November 23, 2011

Wish List Wednesday #105: John Hornor Jacobs' "Southern Gods"

Wish List Wednesday is a semi-regular spotlight on a book currently on my wish list. It could be a new release, a forgotten classic, or a hidden gem.
It seems every month or two there is a novel that the horror blogs really rally behind. And leading into this fall that book belonged to John Hornor Jacobs. It seemed his name popped up on my blog roll every week. I've even got John's blog on my Google Reader, but it's one of many that have slipped under the radar lately. Now that his debut novel is out, and thanks to the many horror blogs I love, I've got the book on my wish list.

The novel is called Southern Gods, published by Night Shade Books, and it looks like a perfect storm of quite a few things I love in my horror. It's got a nostalgic setting, a southern gothic vibe, some Lovecraftian influence, a bit of noir thrown in for flavor, and the Devil. That's quite a stew.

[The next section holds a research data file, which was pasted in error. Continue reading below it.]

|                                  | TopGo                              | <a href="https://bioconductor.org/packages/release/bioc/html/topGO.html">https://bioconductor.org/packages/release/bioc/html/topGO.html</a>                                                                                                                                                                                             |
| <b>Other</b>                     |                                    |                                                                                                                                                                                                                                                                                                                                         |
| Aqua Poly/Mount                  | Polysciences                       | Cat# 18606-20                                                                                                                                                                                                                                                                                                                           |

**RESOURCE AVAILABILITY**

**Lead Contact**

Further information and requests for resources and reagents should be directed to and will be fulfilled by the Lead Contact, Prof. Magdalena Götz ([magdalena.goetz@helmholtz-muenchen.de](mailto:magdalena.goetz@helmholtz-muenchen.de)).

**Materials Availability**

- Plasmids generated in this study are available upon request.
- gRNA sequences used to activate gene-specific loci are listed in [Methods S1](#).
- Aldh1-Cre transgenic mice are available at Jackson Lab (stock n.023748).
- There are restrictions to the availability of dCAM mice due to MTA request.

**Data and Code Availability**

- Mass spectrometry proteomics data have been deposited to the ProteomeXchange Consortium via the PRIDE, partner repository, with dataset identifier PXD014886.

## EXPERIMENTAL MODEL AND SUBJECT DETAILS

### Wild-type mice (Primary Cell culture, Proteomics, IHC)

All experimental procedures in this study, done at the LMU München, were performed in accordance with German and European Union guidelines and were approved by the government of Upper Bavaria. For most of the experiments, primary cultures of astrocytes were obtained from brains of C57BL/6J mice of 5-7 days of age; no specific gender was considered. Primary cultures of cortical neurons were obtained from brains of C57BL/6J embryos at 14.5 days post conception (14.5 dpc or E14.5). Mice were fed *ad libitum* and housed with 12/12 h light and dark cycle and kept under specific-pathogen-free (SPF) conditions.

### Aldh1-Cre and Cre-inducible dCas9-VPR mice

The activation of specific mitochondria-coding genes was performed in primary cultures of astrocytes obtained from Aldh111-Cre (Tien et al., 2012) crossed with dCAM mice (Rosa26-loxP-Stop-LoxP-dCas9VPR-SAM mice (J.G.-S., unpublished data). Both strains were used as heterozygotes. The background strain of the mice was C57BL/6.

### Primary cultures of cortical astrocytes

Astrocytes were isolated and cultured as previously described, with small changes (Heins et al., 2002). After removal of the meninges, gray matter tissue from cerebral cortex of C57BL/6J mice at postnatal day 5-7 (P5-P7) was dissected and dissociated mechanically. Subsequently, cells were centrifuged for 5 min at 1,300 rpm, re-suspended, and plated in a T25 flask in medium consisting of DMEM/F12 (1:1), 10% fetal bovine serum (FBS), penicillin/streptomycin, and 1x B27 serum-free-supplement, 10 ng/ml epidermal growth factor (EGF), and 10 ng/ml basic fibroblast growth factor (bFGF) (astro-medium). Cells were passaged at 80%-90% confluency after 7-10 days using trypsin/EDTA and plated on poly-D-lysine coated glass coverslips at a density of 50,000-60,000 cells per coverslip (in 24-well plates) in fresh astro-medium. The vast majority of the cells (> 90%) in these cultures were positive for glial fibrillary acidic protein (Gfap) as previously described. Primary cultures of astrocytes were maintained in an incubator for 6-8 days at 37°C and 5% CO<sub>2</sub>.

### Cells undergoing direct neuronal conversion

Here's the plot summary (courtesy of Goodreads):

Recent World War II veteran Bull Ingram is working as muscle when a Memphis DJ hires him to find Ramblin' John Hastur. The mysterious blues man's dark, driving music - broadcast at ever-shifting frequencies by a phantom radio station - is said to make living men insane and dead men rise. Disturbed and enraged by the bootleg recording the DJ plays for him, Ingram follows Hastur's trail into the strange, uncivilized backwoods of Arkansas, where he hears rumors the musician has sold his soul to the Devil. But as Ingram closes in on Hastur and those who have crossed his path, he'll learn there are forces much more malevolent than the Devil and reckonings more painful than Hell...

In a masterful debut of Lovecraftian horror and Southern gothic menace, John Hornor Jacobs reveals the fragility of free will, the dangerous power of sacrifice, and the insidious strength of blood.

That sounds really enticing, so I shouldn't be surprised that a lot of book blogs have already hopped on the bandwagon. Have you heard about this book already? If so, have you read it yet? What did you think of it?

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